Archive for June, 2010

Terry Nurmi – Inconceivable

June 4, 2010

Our best art comes from expressing our deepest concerns.  The more heartfelt a subject is, the more intensely involved the artist is, the better the final outcome is likely to be.

Thus, when a young woman’s heart bears the distressing failure to produce a child she so desperately desires and all other avenues have not helped to assuage the inability to conceive, and this same woman after years of putting away her personal pain decides to express it through her art to let it free, a most interesting body of work springs forth.

This woman is Terry Nurmi, who after years of trying various methods to understand and then conquer sterility, decided to explore her voyage through visual expression. Nurmi is rooted in her community and her community became not only the physical place in which she resides, but a larger community of women who share with her the frustration of trying to conceive a child.

Nurmi had spent years going in and out of clinics, being tested for this possibility and that, engaging in trials of Artificial Reproductive Technology treatment then waiting to see if they would bear fruit. Through those years, an idea germinated and grew. Nurmi would find a way to express the feelings of frustration, hope, disappointment, pain, envy, grief, and anger that a woman experiences.

When it came to realizing this exhibition idea, Nurmi called out to her sisters-in-infertility. She called upon the Infertility Awareness of Canada (IAAC), Fraser Chapter,  asking each women who was willing to contribute to the project to provide a collage that expressed their feelings. Those who responded were given a small round petri dish, a round, clear plastic laboratory dish,  in which to  provide a visual expression of their personal story. (Double click on each one to see it larger).

Nurmi then installed a black line on the wall to indicate a temperature chart and then placed these petri dishes at each point of the chart (see first photo, above). The chart takes up almost the full length of the gallery’s north wall.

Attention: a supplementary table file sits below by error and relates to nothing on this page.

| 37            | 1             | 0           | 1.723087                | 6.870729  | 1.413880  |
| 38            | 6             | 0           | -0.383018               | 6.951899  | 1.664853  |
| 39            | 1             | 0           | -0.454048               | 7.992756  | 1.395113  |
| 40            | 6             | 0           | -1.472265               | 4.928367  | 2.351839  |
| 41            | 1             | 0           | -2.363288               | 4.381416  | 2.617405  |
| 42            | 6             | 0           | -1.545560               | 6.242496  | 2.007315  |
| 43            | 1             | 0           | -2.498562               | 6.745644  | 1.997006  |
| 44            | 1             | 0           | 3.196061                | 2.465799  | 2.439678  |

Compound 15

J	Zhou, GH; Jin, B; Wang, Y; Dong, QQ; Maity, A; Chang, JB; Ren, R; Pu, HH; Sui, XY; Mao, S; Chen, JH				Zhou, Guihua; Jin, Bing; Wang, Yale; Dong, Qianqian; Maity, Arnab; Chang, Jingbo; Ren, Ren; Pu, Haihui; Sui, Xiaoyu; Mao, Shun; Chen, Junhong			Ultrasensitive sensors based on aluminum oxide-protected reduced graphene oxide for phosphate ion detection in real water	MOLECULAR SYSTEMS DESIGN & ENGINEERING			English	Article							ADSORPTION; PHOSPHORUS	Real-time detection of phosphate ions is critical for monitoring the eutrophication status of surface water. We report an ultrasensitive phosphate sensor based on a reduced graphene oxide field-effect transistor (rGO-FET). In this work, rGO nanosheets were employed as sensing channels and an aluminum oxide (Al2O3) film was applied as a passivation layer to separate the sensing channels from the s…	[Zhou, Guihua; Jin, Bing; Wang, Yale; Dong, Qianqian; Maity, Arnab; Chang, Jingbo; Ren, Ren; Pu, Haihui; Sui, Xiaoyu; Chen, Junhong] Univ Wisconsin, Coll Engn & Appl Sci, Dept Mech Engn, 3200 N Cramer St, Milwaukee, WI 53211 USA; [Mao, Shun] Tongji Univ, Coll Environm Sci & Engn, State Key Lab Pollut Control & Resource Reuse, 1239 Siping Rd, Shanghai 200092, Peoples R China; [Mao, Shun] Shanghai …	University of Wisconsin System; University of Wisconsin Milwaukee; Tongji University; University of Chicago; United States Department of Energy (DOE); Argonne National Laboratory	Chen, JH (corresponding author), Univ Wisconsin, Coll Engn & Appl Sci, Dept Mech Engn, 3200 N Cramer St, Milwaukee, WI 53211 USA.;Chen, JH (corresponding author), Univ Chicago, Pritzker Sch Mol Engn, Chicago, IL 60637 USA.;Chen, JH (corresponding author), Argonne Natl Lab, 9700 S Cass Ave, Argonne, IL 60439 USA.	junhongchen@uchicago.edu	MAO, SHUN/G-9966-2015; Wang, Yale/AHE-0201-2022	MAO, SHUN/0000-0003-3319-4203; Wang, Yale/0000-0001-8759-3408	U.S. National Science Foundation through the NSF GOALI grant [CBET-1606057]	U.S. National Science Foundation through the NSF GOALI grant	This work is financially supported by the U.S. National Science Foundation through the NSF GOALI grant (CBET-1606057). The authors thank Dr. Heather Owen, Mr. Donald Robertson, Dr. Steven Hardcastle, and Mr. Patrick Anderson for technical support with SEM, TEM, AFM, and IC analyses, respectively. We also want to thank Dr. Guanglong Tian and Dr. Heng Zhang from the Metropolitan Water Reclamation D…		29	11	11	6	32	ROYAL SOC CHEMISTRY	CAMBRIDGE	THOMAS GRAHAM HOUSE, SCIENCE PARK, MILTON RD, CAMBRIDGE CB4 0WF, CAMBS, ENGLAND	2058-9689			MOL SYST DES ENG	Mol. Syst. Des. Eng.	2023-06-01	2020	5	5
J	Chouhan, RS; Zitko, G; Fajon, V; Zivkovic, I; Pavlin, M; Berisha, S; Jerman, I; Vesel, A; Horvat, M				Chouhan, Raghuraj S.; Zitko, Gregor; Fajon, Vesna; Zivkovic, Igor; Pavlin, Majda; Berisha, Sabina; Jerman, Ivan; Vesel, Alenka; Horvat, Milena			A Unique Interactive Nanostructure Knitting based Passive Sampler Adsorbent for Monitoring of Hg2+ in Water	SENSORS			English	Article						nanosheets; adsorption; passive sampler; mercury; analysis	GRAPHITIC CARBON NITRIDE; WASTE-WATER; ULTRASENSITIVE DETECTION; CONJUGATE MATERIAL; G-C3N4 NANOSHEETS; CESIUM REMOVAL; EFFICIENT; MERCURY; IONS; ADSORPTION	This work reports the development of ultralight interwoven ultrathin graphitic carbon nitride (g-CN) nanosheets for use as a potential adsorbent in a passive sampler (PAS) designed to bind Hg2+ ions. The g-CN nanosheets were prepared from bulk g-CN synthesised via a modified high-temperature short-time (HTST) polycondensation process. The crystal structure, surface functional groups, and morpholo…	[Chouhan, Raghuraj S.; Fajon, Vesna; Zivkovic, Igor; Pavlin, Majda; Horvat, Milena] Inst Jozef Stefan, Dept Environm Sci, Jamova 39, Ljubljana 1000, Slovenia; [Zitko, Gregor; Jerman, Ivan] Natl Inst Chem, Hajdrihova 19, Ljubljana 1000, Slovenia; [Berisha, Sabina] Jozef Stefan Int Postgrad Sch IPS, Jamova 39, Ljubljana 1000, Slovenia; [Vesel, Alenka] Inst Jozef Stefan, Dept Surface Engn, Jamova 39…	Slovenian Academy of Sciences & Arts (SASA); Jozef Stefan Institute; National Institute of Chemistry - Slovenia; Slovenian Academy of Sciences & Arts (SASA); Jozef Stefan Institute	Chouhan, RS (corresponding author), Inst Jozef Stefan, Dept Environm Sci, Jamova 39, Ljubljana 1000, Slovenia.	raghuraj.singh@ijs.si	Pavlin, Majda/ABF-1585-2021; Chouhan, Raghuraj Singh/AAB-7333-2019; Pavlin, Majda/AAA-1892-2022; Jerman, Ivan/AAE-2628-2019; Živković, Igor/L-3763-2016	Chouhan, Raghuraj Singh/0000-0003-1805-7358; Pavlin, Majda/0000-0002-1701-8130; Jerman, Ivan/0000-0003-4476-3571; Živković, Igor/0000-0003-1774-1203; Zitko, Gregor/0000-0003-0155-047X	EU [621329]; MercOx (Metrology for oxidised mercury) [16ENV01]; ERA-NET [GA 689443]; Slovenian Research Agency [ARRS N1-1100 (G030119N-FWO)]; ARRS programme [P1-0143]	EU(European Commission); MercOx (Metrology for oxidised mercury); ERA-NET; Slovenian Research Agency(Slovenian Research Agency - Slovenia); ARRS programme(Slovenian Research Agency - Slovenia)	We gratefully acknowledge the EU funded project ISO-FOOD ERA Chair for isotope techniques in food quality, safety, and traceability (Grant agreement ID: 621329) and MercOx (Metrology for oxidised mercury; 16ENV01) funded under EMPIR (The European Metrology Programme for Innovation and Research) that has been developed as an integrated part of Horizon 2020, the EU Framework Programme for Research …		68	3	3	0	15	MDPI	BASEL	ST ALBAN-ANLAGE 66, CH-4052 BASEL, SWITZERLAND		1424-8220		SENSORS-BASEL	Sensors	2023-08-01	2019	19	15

This part of the collaborative exhibition mixes installation art (the temperature chart) with conceptual art (the petri dishes); and each of the petri dishes is a miniature collage “in vitro”, meaning “under glass”.

The following photos illustrate the diversity of image that resulted. Some are cold, keeping the viewer at a distance; others indicate frustration; still others manage a bit of black humour (the one with Frosty the Snowman). Some are empty (Anger)  awaiting the babies that do not come.

It was a delight at the exhibition to see people pouring over each one of these little, clear disk boxes. Raw sentiment is contained within.

Across  on the South wall of the gallery, are several cross-over drawings-become-watercolour (and some pastel). Each represents a baby in Nurmi’s life – babies belonging to  sisters and sisters-in-law; friends or extended family.

They express that fragile and innocent time a child’s life.  The infants are sleeping or just waking.

Knowing Nurmi, there is bittersweet heartache in these images that does not go away.  Yet these images capture the innocence and beauty of infancy.

From a technical point of view, these drawings are fresh and lively. Each is drawn with strong and sensitive  line, then  enhanced by chalk pastel and watercolour. She is mistress of her medium. The work exhibits a lot of freedom and yet there is nothing gratuitous. Every mark made is necessary to the drawing and the maturity of the hand is delightful to see.

Once again in reference to “in vitro” , each of these mixed media, mostly watercolour paintings is framed between Plexiglas and clips to reinforce the concept of “under glass”.

For more information on Terry Nurmi and the subject of Infertility Awareness, check out the article in the Globe and Mail of May 23rd, 2010

http://m.theglobeandmail.com/life/family-and-relationships/when-couples-come-to-terms-with-infertility/article1578863/?service=mobile&page=1

There is quite a bit more information on the web about this recent exhibition, so if you are interested, I’d suggest a Google search.

The exhibition is on until June 6th at the Fort Gallery in Fort Langley.

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